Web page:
economies facilitate privileged access for business groups. For one, the size
of groups relative to their domestic economies gives them substantial
structural power, and ministers and presidents consult with them regularly.
Moreover, bureaucracies in Latin America are porous and staffed at the top by
political appointees. Appointees in top economic positions are sometimes
suggested or vetted by business groups (and sometimes are ex-employees), and
most consult regularly with business groups (Schneider, 2004).
Still we suggest that with a majoritarian legislature and presidency it would be
harder for groups to have the range of effective contacts with many different
politicians each able to intervene in the political process. This is because a twoparty system would be more likely to emerge, so that there would be some
internal discipline on legislators, especially with a powerful presidency; and
hence limits on what legislators could supply to companies. In the UK key
decisions are taken by the prime minister, whose concern is (to put it
simplistically) with the median voter  it is not easy for individual businesses
to influence the political system, in particular to gain protection from
competition. The closest case in Latin America would be Chile, where electoral
statutes force a fragmented party system into two stable coalitions. Individualized access is somewhat easier in the United States because individual politicians
have greater power and parties less discipline. But the basic point is that a PR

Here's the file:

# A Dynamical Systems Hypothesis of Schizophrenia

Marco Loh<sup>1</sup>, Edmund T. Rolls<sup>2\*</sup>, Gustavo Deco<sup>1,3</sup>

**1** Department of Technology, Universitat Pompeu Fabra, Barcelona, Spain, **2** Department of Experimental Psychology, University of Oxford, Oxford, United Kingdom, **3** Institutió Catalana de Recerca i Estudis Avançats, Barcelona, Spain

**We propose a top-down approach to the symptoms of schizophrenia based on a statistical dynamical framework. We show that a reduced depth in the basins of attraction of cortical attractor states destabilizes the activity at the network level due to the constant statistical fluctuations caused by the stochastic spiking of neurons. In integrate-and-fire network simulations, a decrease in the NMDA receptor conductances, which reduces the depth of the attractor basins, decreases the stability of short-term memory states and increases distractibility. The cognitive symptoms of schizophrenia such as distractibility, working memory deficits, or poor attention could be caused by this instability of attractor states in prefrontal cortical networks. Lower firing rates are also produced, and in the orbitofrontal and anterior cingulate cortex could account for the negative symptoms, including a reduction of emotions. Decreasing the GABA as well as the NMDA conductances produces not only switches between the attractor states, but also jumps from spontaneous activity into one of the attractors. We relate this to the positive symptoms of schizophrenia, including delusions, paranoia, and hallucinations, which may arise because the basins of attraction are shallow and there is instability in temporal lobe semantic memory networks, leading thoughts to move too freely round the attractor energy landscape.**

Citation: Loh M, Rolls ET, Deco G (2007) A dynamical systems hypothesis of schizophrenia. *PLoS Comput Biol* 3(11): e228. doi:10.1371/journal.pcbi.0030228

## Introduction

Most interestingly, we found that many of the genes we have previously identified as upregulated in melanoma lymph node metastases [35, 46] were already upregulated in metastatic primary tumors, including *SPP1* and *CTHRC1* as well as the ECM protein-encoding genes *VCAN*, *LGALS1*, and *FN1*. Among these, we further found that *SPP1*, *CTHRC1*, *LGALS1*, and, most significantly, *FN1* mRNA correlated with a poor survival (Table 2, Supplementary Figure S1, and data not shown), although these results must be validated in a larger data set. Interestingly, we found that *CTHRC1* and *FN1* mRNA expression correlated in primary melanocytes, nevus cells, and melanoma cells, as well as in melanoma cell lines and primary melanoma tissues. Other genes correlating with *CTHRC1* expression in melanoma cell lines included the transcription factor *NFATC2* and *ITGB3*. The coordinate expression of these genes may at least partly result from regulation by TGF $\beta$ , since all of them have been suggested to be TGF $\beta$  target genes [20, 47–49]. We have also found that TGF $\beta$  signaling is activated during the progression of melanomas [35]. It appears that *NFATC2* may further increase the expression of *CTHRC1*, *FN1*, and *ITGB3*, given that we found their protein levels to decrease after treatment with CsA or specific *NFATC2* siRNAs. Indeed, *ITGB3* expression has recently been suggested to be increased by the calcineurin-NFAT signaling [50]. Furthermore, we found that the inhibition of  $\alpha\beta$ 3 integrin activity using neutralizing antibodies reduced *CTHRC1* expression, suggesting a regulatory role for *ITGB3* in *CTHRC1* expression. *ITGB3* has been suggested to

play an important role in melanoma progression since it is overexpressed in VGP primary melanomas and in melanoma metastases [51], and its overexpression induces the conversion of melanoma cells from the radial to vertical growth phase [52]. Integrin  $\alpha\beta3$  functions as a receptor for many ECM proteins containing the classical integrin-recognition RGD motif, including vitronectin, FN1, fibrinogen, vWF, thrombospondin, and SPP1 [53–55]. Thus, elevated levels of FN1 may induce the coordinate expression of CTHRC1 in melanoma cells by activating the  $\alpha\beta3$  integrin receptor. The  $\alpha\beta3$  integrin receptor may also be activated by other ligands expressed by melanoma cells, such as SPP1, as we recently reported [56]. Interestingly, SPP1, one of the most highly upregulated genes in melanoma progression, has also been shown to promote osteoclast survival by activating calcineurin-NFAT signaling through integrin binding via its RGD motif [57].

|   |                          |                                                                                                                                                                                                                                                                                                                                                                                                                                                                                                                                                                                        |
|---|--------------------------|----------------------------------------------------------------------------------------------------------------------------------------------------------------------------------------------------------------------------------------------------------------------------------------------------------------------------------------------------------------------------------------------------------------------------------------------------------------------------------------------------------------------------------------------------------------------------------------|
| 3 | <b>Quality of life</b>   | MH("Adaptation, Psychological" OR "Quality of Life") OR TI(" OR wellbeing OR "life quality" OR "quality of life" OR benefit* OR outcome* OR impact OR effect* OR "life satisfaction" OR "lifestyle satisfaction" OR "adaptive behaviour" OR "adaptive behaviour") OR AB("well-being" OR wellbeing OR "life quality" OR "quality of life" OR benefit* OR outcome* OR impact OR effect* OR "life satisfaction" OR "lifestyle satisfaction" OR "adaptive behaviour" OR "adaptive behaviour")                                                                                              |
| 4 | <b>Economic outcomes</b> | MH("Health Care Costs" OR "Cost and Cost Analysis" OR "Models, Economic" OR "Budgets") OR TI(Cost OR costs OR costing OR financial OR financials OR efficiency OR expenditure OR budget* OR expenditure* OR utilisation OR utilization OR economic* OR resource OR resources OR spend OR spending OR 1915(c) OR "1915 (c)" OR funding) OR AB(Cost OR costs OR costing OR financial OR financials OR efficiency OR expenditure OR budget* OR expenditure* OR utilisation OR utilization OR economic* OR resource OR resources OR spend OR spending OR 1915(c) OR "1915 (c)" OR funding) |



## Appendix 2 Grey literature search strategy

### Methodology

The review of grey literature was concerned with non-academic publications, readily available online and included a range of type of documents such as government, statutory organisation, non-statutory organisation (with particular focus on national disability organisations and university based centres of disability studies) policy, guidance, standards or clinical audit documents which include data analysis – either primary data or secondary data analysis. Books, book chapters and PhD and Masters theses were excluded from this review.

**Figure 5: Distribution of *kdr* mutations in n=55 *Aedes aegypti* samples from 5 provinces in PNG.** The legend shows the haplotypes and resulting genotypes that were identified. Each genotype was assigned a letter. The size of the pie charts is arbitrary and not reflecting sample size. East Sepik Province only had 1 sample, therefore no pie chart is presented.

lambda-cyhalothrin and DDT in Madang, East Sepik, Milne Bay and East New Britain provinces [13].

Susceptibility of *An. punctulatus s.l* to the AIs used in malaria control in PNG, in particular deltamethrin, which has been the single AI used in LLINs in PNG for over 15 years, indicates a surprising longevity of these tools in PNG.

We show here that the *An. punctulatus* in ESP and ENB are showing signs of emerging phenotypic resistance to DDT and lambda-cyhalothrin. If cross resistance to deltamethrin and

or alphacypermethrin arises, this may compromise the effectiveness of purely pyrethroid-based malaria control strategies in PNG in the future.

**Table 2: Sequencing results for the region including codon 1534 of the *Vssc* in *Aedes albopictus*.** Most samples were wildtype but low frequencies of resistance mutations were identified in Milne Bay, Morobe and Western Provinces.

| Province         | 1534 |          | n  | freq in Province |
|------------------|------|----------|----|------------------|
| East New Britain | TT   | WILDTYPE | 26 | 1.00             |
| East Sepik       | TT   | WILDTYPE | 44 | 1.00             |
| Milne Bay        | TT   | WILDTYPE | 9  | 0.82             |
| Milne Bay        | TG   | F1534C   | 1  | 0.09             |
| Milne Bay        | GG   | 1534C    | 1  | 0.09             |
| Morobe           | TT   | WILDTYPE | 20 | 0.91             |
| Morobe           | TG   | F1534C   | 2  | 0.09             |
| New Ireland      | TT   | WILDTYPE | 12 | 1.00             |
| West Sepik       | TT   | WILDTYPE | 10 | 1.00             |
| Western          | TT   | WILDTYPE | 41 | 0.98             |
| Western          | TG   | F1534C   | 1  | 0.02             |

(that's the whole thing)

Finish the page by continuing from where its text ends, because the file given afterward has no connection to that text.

legislature is well designed to give individual politicians and parties power
independent of the presidency, and this is what business groups can exploit.

Conclusion
The inclusion of Latin America in theorizing on varieties of capitalism extends
the analysis from virtuous cycles of institutional complementarities in variably
competitive economies to less virtuous complementarities in the developing
political economies.
Although institutions, especially formal institutions, in Latin America do
not seem as consolidated as those in developed countries, most of the
institutional features we highlight have deep historical roots. Diversified
business groups, MNCs, weak plant-level labour representation, low skills,
high inequality and majoritarian presidents with PR legislatures all have roots
in the mid-twentieth century or earlier. Since the last wave of democratization,
constitutional tinkering and electoral reforms have been constant but have not

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Economy and Society

altered the basic MP/PRL combination (Remmer, 2008). Moreover, the basic
features of CMEs and LMEs took shape in the immediate post-war period
(Hall, 2007). Latin American countries have reached levels of socio-economic
development (per capita income, literacy, urbanization, etc.) that are similar or
above those of post-war OECD countries, giving further reason to believe that